This week someone broke into my home and stole my laptop. I was upstairs at the time and had stupidly left the back door open. I’ve been careless about this for many years and have been lucky. We’ve only had one robbery in the past 20 years—-someone broke into our garage and stole a power mower.
Breaking into your garage is real different from having somebody break into your home. The sense of violation is hard to shake and especially so when you’ve come face to face with the robbers. I went downstairs and into our small sunroom which opens into our back yard and found the door wide open. Then I noticed the missing laptop and the disconnected phone. I locked the door to the sunroom, went back to the kitchen to get a functioning phone and then walked back to the sunroom and saw 3 teenagers at my back door. Obviously they had come back for more, no doubt hoping the door would still be open. I screamed and they ran away. But the image of the three of them ready to break in is something I can’t shake. I really wish I hadn’t seen their faces.
I think 20 years ago, maybe even 10 years ago I’d have had an easier time putting it in perspective. I’d tell myself—it was just a lap top. I wasn’t beaten up, they didn’t get my pocket book with all my credit cards, they didn’t go on a rampage and destroy the house. I would have taken more precautions and eventually forgotten about it.
But now that I’m in my 60’s I’m feeling more vulnerable. I spend a lot of time working in my garden and have never worried about personal safety, but then at this stage in my life I can’t run all that fast and I am certainly in no shape to fend off any teenage attackers. My garden is my refuge and now I’m not so sure I want to be out there when my husband is not home. And the days of going out in the garden and leaving the back door open are over.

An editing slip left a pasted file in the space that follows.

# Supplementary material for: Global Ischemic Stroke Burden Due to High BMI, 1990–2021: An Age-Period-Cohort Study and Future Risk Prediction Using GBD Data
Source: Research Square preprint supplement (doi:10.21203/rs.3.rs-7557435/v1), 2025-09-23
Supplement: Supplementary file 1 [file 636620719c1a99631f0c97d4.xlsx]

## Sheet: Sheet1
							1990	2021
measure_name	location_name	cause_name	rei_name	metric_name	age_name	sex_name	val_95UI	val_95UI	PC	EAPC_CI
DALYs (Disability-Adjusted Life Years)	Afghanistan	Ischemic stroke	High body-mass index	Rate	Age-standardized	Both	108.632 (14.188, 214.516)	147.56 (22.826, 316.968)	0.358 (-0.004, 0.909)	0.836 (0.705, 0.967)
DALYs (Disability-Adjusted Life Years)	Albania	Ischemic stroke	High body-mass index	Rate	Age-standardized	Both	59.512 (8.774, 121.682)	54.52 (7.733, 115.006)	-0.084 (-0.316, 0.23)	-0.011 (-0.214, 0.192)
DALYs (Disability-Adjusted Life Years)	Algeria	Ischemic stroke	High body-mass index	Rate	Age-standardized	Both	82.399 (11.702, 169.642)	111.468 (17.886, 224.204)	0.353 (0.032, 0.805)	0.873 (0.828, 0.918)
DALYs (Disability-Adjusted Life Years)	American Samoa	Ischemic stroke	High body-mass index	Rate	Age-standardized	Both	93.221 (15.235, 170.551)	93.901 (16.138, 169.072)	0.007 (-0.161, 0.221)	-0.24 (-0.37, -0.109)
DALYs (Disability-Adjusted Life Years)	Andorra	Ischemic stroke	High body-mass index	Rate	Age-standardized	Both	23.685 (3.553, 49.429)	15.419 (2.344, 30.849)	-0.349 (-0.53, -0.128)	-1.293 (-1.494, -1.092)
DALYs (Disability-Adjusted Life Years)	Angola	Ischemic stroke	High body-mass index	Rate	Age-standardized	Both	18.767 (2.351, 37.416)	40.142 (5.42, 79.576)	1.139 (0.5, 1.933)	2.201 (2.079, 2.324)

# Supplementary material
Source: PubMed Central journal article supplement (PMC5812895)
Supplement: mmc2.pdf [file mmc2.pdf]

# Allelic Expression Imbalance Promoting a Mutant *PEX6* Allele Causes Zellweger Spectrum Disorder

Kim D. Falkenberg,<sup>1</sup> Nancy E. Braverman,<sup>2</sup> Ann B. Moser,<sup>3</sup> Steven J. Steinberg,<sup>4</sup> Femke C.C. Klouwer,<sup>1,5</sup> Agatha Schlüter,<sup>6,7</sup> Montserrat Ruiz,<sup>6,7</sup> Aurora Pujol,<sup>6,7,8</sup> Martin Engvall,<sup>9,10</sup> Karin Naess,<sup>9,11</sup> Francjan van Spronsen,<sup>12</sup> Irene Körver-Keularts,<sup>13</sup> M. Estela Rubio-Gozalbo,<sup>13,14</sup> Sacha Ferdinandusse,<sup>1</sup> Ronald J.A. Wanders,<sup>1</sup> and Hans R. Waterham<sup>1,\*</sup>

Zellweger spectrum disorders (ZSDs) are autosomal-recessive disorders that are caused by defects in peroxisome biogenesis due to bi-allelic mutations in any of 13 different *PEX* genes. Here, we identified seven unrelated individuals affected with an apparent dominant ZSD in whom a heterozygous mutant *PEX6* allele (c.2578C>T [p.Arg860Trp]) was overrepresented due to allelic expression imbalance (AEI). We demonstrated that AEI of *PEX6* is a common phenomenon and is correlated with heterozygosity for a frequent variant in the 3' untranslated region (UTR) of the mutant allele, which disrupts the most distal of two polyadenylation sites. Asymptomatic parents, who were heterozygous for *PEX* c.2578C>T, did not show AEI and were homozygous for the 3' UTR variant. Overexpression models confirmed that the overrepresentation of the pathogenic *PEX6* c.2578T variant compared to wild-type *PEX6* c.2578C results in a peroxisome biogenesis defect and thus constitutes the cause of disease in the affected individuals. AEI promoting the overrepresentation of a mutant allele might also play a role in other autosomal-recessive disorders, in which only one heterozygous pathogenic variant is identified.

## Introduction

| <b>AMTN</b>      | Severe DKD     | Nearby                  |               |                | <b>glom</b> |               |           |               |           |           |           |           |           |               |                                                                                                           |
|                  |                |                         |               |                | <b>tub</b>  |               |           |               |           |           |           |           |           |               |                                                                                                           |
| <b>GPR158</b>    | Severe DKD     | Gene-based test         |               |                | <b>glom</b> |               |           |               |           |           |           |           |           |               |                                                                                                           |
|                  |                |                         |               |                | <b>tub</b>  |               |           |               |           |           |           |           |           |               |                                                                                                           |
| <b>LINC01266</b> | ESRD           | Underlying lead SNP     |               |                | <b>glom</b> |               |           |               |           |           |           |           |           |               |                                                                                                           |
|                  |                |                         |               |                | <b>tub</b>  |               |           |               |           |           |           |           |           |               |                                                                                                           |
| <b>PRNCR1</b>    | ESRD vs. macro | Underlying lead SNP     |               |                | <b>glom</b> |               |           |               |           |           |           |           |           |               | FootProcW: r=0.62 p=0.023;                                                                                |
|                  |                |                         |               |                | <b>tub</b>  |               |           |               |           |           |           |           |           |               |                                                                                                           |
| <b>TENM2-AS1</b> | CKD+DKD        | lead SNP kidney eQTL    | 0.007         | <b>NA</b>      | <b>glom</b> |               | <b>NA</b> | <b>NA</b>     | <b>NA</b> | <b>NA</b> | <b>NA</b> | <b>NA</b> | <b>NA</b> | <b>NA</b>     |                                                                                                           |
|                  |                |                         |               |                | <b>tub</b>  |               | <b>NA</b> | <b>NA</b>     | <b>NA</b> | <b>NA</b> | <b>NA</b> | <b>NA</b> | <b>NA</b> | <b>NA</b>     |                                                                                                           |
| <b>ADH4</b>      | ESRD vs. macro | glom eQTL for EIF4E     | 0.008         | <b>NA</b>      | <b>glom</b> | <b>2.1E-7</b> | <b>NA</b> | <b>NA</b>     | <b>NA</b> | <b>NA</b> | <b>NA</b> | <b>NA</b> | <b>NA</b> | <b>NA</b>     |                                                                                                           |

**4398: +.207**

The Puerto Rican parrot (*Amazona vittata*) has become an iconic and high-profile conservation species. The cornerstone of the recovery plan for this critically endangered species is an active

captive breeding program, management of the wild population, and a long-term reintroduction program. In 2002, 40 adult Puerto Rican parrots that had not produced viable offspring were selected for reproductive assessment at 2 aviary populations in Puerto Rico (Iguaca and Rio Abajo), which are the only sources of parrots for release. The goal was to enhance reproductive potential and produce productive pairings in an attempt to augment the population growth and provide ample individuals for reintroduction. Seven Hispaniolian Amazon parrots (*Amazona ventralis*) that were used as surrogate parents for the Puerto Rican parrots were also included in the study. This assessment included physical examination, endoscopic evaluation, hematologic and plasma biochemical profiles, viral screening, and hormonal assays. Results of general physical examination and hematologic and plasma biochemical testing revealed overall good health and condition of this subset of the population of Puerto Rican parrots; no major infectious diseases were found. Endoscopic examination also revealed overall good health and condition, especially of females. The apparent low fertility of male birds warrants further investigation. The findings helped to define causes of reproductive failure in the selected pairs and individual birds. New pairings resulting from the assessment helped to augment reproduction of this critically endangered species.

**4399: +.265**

And then there is the issue of fear of young back men. I don’t like that feeling and I know of course that the vast majority of young black men are not criminals. But as I live in a majority black neighborhood, the young men who break into my house are most likely to be black. If I lived in neighborhood adjacent to a poor white neighborhood my fears of young men wouldn’t be so focused on young black men. Since our neighborhood is just not rich enough to attract sophisticated career burglars, the people likely to break into my house will be teenagers and probably black teenagers. I want to resist looking at any young black man who comes to my front door with suspicion. When I was younger, I had a much easier time resisting those stereotypes. Now that I’m old and more vulnerable, that suspicious response is harder to resist. This feeling is just as unsettling as the sense of violation.
I really wish I hadn’t seen their faces.
Karen Bojar blogs about retirement life, feminist activism, grassroots politics and gardening at http://www.the-next-stage.com/
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